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  • Steven Hansen

Ginkgo “The Living Fossil” Tree



City folks, especially in New York and Philadelphia are quite familiar with ginkgo trees, not only because of their exotic fan-shaped leaves and the stinky fruits they drop in late summer, but also due to their ubiquitous presence up and down hundreds of city blocks, spreading cooling shade in older neighborhoods.


Ginkgo (ginkgo biloba), also known as the Maidenhair Tree, is one of the oldest living trees in the world, originating in China and dating back nearly 290 million years. It is truly unique, being a single species that has no living relatives. We know dinosaurs and ginkgo trees existed together because we have fossils to prove it. Dinosaurs loved the malodorous fruits and gorged on them, the undigested seeds helping to expand the range of the trees throughout the prehistoric world.


But then an ice age chilled the planet 66 million years ago and the dinosaurs disappeared, along with most all other known animal and plant species of the time. Except for the ginkgo trees. They are natural survivors.


Ginkgos today look exactly the same as their fossils from 200 million years ago, hence their nickname as “living fossils.”


Among the ginkgo tree’s superpowers: their leaves are unpalatable to all insects and their bark secretes a sap that makes them fire-retardant. The species can also easily withstand drought, storms, snow and freezing ice (obviously!), salt, hard-packed city soils, and pollution. In fact, six ginkgo trees are even known to have survived the atomic bomb and are still growing in Hiroshima, Japan.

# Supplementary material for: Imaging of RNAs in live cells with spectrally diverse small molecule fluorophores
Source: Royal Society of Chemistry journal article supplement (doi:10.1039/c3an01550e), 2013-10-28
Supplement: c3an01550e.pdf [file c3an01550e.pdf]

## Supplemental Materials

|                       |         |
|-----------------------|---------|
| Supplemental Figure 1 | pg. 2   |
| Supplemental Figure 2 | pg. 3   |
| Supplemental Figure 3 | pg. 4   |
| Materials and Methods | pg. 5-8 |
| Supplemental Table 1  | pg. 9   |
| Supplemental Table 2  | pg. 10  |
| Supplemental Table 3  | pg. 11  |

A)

Even more unusual is the fact that ginkgo trees tend to drop all or most of their leaves in one night. The first hard frost of the season sends a signal to the stems of the leaves to release the leaves simultaneously. By morning, confetti-like piles of golden leaves encircle the base of each tree.


Ginkgo trees are slow growing, but eventually can reach heights of 150-170 feet. And due to their incredible hardiness, they are also exceptionally long-lived. Individual trees have been known to last for up to 3,000 years. Currently, the oldest living ginkgo tree is located within the walls of the Gu Guanyin Buddhist Temple, in the Zhongnan Mountain region of China. It is 1,400 years old.


It comes as no surprise then that among the many traditional health remedies made from ginkgo leaves and seeds, a medicine derived from the ancient tree’s leaves is used for treating age-related dementia.




Photo: This massive ginkgo tree that looms over Broadway at Isham Street in New York City is thought to be about 170 years old. (Author photo).

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